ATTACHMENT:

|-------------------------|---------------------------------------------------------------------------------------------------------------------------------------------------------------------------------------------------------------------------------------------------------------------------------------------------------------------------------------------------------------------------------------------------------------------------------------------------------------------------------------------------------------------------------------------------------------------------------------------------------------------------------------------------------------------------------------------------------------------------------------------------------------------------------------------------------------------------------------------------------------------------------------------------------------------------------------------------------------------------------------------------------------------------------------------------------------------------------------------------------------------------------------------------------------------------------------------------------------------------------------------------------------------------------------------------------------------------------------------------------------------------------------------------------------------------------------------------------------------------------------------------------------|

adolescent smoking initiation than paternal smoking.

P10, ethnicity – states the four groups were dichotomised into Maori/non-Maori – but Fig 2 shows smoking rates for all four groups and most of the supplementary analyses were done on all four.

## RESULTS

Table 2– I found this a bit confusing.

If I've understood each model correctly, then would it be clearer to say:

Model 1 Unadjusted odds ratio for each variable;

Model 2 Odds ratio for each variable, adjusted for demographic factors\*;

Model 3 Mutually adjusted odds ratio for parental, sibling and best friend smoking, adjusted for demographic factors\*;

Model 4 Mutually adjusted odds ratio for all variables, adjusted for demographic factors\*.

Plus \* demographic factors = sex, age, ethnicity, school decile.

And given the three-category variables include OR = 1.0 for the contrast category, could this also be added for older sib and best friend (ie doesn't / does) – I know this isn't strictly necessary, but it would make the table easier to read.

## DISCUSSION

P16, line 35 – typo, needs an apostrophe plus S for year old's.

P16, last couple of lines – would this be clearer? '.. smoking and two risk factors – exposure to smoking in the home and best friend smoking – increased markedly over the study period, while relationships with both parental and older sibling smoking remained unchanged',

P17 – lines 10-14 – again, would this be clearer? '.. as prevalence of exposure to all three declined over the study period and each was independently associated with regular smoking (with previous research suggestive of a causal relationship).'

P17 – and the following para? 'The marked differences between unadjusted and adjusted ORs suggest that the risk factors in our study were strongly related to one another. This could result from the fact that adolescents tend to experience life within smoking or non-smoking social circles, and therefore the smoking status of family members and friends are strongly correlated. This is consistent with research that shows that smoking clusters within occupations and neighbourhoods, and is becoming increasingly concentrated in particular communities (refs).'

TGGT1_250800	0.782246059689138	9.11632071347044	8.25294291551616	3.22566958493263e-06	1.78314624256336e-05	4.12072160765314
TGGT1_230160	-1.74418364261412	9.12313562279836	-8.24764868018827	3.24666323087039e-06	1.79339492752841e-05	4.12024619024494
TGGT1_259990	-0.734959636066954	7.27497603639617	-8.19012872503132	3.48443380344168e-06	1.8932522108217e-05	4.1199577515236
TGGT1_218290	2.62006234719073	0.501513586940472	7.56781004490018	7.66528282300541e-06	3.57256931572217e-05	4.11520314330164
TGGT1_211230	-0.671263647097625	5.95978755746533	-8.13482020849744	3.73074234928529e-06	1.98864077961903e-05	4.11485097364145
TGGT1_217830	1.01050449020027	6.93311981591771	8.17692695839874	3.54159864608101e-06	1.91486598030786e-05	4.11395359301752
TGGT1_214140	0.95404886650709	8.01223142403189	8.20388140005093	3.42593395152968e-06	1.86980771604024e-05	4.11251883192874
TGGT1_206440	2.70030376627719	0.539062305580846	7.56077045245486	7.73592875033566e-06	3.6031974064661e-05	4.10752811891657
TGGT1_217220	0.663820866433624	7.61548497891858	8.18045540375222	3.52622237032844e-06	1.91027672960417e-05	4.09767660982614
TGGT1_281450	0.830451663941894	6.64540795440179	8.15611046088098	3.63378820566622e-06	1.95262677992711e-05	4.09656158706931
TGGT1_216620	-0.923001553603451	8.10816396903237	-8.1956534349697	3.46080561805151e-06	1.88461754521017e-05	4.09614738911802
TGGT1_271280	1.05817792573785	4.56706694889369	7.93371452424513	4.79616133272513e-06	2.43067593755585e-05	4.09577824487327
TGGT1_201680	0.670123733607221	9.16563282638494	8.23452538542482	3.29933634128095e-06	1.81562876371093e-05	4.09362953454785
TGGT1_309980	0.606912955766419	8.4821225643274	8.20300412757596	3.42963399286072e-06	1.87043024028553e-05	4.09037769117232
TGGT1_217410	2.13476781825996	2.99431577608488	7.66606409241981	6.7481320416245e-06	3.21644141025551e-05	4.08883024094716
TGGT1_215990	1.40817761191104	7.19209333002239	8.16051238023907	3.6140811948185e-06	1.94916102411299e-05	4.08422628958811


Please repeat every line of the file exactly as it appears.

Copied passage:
|-------------------------|---------------------------------------------------------------------------------------------------------------------------------------------------------------------------------------------------------------------------------------------------------------------------------------------------------------------------------------------------------------------------------------------------------------------------------------------------------------------------------------------------------------------------------------------------------------------------------------------------------------------------------------------------------------------------------------------------------------------------------------------------------------------------------------------------------------------------------------------------------------------------------------------------------------------------------------------------------------------------------------------------------------------------------------------------------------------------------------------------------------------------------------------------------------------------------------------------------------------------------------------------------------------------------------------------------------------------------------------------------------------------------------------------------------------------------------------------------------------------------------------------------------|

adolescent smoking initiation than paternal smoking.

P10, ethnicity – states the four groups were dichotomised into Maori/non-Maori – but Fig 2 shows smoking rates for all four groups and most of the supplementary analyses were done on all four.

## RESULTS

Table 2– I found this a bit confusing.

If I've understood each model correctly, then would it be clearer to say:

Model 1 Unadjusted odds ratio for each variable;

Model 2 Odds ratio for each variable, adjusted for demographic factors\*;

Model 3 Mutually adjusted odds ratio for parental, sibling and best friend smoking, adjusted for demographic factors\*;

Model 4 Mutually adjusted odds ratio for all variables, adjusted for demographic factors\*.

Plus \* demographic factors = sex, age, ethnicity, school decile.

And given the three-category variables include OR = 1.0 for the contrast category, could this also be added for older sib and best friend (ie doesn't / does) – I know this isn't strictly necessary, but it would make the table easier to read.

## DISCUSSION

P16, line 35 – typo, needs an apostrophe plus S for year old's.

P16, last couple of lines – would this be clearer? '.. smoking and two risk factors – exposure to smoking in the home and best friend smoking – increased markedly over the study period, while relationships with both parental and older sibling smoking remained unchanged',

P17 – lines 10-14 – again, would this be clearer? '.. as prevalence of exposure to all three declined over the study period and each was independently associated with regular smoking (with previous research suggestive of a causal relationship).'

P17 – and the following para? 'The marked differences between unadjusted and adjusted ORs suggest that the risk factors in our study were strongly related to one another. This could result from the fact that adolescents tend to experience life within smoking or non-smoking social circles, and therefore the smoking status of family members and friends are strongly correlated. This is consistent with research that shows that smoking clusters within occupations and neighbourhoods, and is becoming increasingly concentrated in particular communities (refs).'

TGGT1_250800	0.782246059689138	9.11632071347044	8.25294291551616	3.22566958493263e-06	1.78314624256336e-05	4.12072160765314
TGGT1_230160	-1.74418364261412	9.12313562279836	-8.24764868018827	3.24666323087039e-06	1.79339492752841e-05	4.12024619024494
TGGT1_259990	-0.734959636066954	7.27497603639617	-8.19012872503132	3.48443380344168e-06	1.8932522108217e-05	4.1199577515236
TGGT1_218290	2.62006234719073	0.501513586940472	7.56781004490018	7.66528282300541e-06	3.57256931572217e-05	4.11520314330164
TGGT1_211230	-0.671263647097625	5.95978755746533	-8.13482020849744	3.73074234928529e-06	1.98864077961903e-05	4.11485097364145
TGGT1_217830	1.01050449020027	6.93311981591771	8.17692695839874	3.54159864608101e-06	1.91486598030786e-05	4.11395359301752
TGGT1_214140	0.95404886650709	8.01223142403189	8.20388140005093	3.42593395152968e-06	1.86980771604024e-05	4.11251883192874
TGGT1_206440	2.70030376627719	0.539062305580846	7.56077045245486	7.73592875033566e-06	3.6031974064661e-05	4.10752811891657
TGGT1_217220	0.663820866433624	7.61548497891858	8.18045540375222	3.52622237032844e-06	1.91027672960417e-05	4.09767660982614
TGGT1_281450	0.830451663941894	6.64540795440179	8.15611046088098	3.63378820566622e-06	1.95262677992711e-05	4.09656158706931
TGGT1_216620	-0.923001553603451	8.10816396903237	-8.1956534349697	3.46080561805151e-06	1.88461754521017e-05	4.09614738911802
TGGT1_271280	1.05817792573785	4.56706694889369	7.93371452424513	4.79616133272513e-06	2.43067593755585e-05	4.09577824487327
TGGT1_201680	0.670123733607221	9.16563282638494	8.23452538542482	3.29933634128095e-06	1.81562876371093e-05	4.09362953454785
TGGT1_309980	0.606912955766419	8.4821225643274	8.20300412757596	3.42963399286072e-06	1.87043024028553e-05	4.09037769117232
TGGT1_217410	2.13476781825996	2.99431577608488	7.66606409241981	6.7481320416245e-06	3.21644141025551e-05	4.08883024094716
TGGT1_215990	1.40817761191104	7.19209333002239	8.16051238023907	3.6140811948185e-06	1.94916102411299e-05	4.08422628958811